The STAR interview technique has been around for a number of years, but few people who attend an interview understand it or even use it!
In this article, we will explain what the STAR interview technique is, how to use it and also provide you with a couple of sample answers so you can see it in action.
What is STAR INTERVIEW technique?
In a nutshell, STAR interview technique is a really simple way for structuring answers to situational/behavioural interview questions. It is generally only used when answering questions such as:
- Can you tell me when you worked as part of a team?
- Have you ever been flexible in a work situation?
- Can you tell me about a time when you worked well under pressure?
- When have you delivered excellent customer service?
- Have you ever dealt with a customer complaint?
And so on…
The STAR method consists of the following 4 areas:
SITUATION – What was the situation you found yourself in?
TASK – What was the task that needed to be carried out?
ACTION – What action did you take in order to achieve the task? Also, what action did other people take, too?
RESULT – What was the end result following your actions and the actions of other people?
How to use STAR Interview Technique
This method is used for both preparing your answers to the interview questions and also when responding to the question during the live interview. It allows you to ensure your answers to the questions are both specific and in-depth in nature.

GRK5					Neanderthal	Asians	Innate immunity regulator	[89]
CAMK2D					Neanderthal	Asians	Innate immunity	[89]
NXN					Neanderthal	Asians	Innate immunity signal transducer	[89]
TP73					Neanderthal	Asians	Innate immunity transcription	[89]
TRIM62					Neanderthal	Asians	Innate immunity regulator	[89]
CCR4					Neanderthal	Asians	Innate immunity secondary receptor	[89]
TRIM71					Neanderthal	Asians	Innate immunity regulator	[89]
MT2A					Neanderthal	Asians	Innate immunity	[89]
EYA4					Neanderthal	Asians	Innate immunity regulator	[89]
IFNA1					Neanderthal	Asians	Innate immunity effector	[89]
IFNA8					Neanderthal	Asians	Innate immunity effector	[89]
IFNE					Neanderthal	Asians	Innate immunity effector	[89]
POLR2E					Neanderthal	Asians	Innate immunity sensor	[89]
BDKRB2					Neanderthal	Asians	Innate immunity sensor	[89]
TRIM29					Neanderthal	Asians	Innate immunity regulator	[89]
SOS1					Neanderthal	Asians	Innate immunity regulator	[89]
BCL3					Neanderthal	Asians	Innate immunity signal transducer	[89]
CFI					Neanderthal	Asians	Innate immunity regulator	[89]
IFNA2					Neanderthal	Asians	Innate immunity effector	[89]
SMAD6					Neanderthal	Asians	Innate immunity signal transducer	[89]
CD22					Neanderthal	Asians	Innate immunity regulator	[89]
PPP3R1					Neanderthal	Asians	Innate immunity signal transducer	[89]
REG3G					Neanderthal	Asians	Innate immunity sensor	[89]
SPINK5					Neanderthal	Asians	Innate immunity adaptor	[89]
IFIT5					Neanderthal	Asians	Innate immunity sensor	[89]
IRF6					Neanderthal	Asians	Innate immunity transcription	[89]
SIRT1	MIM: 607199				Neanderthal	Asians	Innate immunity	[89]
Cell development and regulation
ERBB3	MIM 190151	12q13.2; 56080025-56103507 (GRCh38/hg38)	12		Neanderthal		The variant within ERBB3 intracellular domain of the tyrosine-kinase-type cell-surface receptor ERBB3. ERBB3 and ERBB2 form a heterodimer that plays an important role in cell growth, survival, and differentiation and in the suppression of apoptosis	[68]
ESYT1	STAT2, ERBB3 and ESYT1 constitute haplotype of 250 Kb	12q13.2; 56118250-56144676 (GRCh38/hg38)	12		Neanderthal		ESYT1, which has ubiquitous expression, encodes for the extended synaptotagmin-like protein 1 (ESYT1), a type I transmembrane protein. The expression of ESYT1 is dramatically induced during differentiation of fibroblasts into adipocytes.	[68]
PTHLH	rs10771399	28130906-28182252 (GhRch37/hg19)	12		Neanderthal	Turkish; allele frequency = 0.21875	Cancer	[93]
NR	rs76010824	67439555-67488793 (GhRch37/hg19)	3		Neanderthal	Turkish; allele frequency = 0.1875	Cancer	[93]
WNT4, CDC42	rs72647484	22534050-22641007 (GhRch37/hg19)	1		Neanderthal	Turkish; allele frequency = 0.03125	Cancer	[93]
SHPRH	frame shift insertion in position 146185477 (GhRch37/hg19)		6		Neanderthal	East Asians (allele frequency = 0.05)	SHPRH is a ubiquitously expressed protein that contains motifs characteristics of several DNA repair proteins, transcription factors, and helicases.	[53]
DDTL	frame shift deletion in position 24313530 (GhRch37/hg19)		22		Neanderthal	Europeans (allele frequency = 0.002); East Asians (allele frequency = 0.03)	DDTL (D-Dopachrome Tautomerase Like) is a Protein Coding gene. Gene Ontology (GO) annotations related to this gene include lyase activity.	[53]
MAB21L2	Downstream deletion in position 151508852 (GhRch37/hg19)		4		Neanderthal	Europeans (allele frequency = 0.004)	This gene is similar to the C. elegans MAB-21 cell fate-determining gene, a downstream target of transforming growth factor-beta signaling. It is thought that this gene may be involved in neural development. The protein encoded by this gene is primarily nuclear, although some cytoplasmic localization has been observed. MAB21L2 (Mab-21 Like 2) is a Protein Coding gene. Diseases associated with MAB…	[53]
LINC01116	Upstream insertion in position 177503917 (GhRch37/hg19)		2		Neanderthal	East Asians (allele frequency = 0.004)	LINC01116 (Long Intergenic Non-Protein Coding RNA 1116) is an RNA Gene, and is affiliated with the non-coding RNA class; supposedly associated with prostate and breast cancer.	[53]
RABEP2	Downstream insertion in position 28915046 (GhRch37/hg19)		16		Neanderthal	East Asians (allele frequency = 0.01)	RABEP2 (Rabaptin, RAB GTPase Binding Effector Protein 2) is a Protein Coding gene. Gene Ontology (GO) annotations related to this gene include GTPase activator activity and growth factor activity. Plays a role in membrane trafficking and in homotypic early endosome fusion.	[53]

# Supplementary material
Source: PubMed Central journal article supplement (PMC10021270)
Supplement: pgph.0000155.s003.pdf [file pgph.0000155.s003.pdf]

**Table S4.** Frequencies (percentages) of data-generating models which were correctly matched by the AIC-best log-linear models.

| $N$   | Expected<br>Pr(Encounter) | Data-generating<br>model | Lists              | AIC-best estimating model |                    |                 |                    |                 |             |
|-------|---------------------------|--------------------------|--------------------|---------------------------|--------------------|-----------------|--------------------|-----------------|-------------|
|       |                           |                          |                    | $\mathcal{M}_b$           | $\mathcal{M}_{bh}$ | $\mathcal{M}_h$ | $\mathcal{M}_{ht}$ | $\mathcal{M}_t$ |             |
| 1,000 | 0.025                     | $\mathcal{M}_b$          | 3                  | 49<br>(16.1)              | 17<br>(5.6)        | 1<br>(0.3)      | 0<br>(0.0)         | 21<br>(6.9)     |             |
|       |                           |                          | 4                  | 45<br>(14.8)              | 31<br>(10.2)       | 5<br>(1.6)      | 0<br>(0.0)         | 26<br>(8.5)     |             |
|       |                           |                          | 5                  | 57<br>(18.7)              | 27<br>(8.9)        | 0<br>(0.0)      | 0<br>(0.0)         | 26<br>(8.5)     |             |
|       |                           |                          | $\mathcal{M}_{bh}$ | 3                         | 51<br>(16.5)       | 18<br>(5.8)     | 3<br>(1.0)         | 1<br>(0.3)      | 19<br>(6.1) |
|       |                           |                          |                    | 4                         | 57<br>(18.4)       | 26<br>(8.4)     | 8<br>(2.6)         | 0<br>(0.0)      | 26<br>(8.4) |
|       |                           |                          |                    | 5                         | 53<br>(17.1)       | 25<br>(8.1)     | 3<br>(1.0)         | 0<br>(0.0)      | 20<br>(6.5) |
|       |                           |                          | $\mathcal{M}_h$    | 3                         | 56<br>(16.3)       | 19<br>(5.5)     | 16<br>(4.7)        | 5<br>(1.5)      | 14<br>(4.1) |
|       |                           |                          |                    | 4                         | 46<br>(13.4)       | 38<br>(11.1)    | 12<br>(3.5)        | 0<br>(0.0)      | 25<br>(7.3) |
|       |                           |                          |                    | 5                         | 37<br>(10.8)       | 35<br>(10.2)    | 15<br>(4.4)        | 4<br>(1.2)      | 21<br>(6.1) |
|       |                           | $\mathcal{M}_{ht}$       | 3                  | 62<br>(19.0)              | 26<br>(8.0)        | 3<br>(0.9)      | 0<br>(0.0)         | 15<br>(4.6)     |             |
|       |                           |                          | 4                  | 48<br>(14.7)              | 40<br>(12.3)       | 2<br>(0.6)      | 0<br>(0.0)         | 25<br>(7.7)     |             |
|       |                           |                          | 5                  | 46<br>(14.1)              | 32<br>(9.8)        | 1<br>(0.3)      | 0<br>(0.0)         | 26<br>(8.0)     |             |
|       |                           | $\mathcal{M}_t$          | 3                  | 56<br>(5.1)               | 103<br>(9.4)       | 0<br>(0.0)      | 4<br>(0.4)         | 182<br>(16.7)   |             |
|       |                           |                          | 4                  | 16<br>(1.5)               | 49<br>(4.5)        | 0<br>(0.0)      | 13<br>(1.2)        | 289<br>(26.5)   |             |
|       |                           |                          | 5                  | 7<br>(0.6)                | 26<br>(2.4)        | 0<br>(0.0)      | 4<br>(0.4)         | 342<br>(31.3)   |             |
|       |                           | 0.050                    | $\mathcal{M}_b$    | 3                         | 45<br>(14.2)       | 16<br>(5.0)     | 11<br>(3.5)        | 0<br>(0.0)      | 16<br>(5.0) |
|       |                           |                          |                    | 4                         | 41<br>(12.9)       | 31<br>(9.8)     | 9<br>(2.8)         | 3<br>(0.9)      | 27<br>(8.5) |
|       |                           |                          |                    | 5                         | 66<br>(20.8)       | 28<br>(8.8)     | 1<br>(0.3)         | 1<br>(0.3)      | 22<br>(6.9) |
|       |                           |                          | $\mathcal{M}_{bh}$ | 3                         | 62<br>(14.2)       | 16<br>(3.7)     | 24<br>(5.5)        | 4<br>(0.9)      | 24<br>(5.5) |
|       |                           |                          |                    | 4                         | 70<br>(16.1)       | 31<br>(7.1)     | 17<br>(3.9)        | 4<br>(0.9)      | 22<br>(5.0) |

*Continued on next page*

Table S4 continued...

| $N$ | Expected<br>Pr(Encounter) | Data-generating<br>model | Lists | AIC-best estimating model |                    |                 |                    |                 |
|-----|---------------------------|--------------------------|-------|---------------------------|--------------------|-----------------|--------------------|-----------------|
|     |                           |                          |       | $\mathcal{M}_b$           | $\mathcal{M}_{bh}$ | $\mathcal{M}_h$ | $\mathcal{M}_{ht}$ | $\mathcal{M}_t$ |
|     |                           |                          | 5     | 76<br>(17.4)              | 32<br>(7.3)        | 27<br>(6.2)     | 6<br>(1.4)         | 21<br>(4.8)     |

SAMPLE INTERVIEW QUESTION AND ANSWER USING STAR METHOD
Let’s assume the interview question is as follows:
“Can you give me an example when you have worked well as part of a team?”
Here’s a great answer to this question using the STAR technique
One Friday afternoon, at approximately 4pm, my line manager rushed into the office and said that a delivery of stock was due any minute now. The delivery was scheduled for the following Friday, but the courier company had got the dates mixed up and therefore it was arriving a week earlier. This meant we had to drop everything and get ourselves prepared for the unexpected delivery.
The problem was, most of us were due to leave at 4:30pm that day, so there were not many people around to carry out the task of taking in the delivery, which usually takes at least an hour to unload and stock check.
I immediately volunteered to stay behind late to help the company out in its time of need. I set about preparing for the delivery by getting together a small group of workers who I knew would help me achieve the task quickly and accurately. I handed out jobs to the people in the group, which including handling the goods, checking them off as they came through the warehouse and also stocktaking. I briefed all of the team so that everyone knew their role within the task. Once the delivery arrived, we worked hard to achieve the end goal.
Following the team’s hard work, we managed to get the delivery unloaded, stocked on the shelves and cross-checked, much to the gratification of our line manager. He thanked us all for volunteering to get the task completed quickly, safely and accurately.
STAR METHOD SUMMARY
The STAR technique/method is one of the most effective ways of responding to interview questions. We will finish off this blog post with our 5 top tips for using STAR:
TIP 1 – Make sure you use STAR when preparing for the situational or behavioral type interview questions.
TIP 2 – When asked an interview question that requires the use of STAR, make sure you think of Situation, Task, Action Result when getting ready to answer the question.
TIP 3 – Always make sure your responses using STAR technique are specific in nature. Do not tell the interview panel when you would do, but instead tell them what you did do!
TIP 4 – Always make sure the RESULT is a positive one following your actions.
TIP 5 – Now watch the following video on our blog that gives you sample answers top 7 really tough interview questions.